Most early career researchers in the arts and humanities are encouraged to see their PhD thesis as a monograph-in-waiting – and with good reason. Here's our how-to guide to revising a thesis for publication and kick-starting an academic career.
Viva, Soutenance, Disputation: How PhD Students around the World Defend Their Thesis | Lex Academic Blog
In the UK, it's called a 'viva'. In the US, it's a 'defense'. Have you ever wondered how PhD students around the world defend their thesis?
As a follow-up to our recently published how-to guide to avoiding minor PhD corrections, we thought it would be useful to produce a post on major corrections. Here's some advice on how to avoid them.
Passing your PhD with minor corrections is what most students aim for. But who wouldn't prefer to pass with no corrections? Here are a few tips for avoiding even minor corrections.
Many authors use professional indexers like Lex Academic to get a difficut job done with efficiency and flair. With the right guidance, however, creating your own index can be both enjoyable and rewarding. Here's our how-to guide on indexing your own book.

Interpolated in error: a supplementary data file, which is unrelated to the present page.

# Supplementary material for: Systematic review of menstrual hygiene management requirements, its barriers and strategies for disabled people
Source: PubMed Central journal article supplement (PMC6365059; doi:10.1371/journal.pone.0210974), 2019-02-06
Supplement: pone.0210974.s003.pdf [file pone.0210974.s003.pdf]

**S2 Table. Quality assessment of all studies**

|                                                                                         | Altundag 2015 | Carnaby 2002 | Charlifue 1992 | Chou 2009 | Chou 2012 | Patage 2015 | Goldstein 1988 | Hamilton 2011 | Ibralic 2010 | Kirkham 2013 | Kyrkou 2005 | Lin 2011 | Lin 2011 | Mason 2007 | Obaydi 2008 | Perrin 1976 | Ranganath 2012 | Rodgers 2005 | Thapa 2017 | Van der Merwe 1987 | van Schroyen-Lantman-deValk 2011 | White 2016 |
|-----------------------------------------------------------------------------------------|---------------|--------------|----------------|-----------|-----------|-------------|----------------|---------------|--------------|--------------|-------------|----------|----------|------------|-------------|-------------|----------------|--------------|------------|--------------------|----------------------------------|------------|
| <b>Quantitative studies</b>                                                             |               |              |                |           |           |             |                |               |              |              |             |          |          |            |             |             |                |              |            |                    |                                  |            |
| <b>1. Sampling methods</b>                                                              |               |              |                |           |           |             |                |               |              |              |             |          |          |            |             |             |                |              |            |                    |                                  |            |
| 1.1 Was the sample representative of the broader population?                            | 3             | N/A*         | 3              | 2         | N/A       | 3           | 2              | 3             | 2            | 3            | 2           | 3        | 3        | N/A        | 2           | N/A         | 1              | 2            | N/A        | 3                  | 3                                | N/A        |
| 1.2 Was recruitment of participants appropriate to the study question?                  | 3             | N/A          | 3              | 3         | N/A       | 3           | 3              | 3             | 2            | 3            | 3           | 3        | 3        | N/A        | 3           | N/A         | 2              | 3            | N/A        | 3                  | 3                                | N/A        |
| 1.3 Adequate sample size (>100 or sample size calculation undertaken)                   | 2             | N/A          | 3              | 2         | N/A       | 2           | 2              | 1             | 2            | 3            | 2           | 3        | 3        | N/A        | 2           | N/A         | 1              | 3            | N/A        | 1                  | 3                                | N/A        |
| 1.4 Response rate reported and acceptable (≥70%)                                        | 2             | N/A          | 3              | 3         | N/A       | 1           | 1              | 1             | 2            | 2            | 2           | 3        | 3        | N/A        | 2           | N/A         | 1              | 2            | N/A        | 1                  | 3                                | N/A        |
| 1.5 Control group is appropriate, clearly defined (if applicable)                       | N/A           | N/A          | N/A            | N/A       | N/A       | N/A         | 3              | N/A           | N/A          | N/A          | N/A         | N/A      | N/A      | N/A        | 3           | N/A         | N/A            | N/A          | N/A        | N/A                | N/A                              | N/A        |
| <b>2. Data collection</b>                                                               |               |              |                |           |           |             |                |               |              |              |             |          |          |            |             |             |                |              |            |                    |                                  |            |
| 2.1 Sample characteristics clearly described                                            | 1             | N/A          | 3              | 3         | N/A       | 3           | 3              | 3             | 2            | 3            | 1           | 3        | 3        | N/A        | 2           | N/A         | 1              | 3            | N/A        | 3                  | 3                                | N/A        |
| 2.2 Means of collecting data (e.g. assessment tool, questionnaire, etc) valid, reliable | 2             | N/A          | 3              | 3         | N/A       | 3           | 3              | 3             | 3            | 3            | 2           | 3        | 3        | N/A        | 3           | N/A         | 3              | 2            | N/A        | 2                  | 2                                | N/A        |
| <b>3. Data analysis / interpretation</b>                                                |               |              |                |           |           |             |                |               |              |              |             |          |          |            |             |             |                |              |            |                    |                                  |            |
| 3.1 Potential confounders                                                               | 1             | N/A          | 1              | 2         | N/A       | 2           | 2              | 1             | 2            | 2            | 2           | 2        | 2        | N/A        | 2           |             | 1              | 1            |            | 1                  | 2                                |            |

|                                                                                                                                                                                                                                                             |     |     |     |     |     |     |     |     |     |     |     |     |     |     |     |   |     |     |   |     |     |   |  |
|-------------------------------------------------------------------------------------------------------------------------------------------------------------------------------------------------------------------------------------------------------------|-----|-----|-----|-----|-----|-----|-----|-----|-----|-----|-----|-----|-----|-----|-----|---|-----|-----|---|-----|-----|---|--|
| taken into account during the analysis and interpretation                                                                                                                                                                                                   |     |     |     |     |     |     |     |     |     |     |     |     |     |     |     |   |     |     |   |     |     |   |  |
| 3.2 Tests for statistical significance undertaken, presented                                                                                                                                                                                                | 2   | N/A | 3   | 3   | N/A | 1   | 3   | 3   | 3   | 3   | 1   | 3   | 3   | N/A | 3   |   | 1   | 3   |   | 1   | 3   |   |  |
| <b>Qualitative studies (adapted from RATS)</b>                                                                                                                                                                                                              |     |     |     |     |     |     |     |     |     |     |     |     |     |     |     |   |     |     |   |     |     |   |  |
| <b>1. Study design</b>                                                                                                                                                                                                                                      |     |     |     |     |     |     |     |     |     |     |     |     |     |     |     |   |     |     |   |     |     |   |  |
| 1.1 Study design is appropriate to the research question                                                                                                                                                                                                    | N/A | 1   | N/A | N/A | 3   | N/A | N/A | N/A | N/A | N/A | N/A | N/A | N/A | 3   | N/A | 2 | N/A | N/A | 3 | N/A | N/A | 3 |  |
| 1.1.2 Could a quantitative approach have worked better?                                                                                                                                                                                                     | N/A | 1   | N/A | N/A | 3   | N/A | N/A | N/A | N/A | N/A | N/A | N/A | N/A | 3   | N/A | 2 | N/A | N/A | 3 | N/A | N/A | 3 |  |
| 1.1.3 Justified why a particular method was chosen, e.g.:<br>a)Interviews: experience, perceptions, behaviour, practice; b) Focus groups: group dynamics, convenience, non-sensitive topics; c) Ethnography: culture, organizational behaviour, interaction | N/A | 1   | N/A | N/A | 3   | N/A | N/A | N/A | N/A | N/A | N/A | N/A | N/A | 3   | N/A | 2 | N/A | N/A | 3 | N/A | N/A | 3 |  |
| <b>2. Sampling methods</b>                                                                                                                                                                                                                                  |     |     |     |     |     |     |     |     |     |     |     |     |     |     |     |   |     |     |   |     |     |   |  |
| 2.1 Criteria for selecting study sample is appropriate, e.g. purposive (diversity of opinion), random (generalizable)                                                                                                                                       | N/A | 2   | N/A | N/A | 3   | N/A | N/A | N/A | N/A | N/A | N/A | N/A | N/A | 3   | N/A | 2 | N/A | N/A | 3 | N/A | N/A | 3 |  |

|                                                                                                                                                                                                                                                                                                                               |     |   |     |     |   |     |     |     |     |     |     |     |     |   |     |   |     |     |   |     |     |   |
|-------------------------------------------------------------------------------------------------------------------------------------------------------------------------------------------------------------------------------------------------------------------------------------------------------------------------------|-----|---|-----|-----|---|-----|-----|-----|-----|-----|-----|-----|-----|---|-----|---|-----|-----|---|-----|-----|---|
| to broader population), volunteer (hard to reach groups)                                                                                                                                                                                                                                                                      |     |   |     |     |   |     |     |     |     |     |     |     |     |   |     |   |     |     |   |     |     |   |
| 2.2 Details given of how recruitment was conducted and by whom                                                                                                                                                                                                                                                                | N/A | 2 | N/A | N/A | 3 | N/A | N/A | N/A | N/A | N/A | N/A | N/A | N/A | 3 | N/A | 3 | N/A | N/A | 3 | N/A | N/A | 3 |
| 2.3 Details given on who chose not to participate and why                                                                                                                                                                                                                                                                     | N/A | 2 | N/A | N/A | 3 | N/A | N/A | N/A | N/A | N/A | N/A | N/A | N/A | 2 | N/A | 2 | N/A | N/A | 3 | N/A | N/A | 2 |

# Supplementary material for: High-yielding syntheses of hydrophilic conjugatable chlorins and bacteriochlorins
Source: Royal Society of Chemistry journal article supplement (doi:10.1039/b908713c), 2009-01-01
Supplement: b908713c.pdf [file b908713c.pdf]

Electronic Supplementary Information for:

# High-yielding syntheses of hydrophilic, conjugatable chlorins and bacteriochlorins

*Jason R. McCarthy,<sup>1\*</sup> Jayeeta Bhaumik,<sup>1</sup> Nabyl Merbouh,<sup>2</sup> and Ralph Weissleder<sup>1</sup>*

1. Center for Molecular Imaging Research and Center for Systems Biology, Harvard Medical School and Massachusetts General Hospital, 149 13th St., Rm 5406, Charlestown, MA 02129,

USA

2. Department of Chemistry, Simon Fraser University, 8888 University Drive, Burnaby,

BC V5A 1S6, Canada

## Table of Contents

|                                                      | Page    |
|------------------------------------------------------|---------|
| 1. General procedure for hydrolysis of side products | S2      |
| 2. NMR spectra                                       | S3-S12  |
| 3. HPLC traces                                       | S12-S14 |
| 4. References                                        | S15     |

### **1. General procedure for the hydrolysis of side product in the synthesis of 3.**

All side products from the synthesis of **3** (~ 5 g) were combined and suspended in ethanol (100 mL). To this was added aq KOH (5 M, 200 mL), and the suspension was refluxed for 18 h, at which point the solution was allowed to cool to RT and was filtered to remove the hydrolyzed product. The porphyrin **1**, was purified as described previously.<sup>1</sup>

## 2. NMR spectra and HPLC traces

Stylistic norms for writing affect philosophers’ professional prospects in unfair ways, and what one thinks should be done about this may be tied to one’s conception of what philosophy is supposed to do. (This piece first appeared in Daily Nous.)
Lex Academic's succinct how-to guide for citing in MHRA style.
The perception that scholarly success depends on publishing frequently is pervasive across the disciplines. That this remains the case, despite the fact that there is an increasing body of evidence to suggest that ‘publishing’ can still lead to ‘perishing’, is worthy of investigation.
As any author who has tried to compile their own index will tell you, it’s easy to underestimate the sheer amount of skill, knowledge and effort that goes into creating a first-class index. Like so many of the finer things in life, indexing is both an art and a science.
Developing a compelling authorial voice can present particular challenges within academic writing, in which objectivity of tone is privileged, and reliance on the first person is often scorned.
Formatting a paper for peer review can be tedious and time-consuming, especially when there is no certainty that it will be accepted. So, should you bother?
Understanding how to present your research in such a light that it appears outstanding from the perspective of a publishing professional is the key to getting noticed (and a contract).
It’s no secret that the peer review process can be biased. Over the past several decades, there has been growing awareness of peer review bias and its effects on the careers of scholars. Efforts have been made to address bias, but it may be even more pervasive than realised.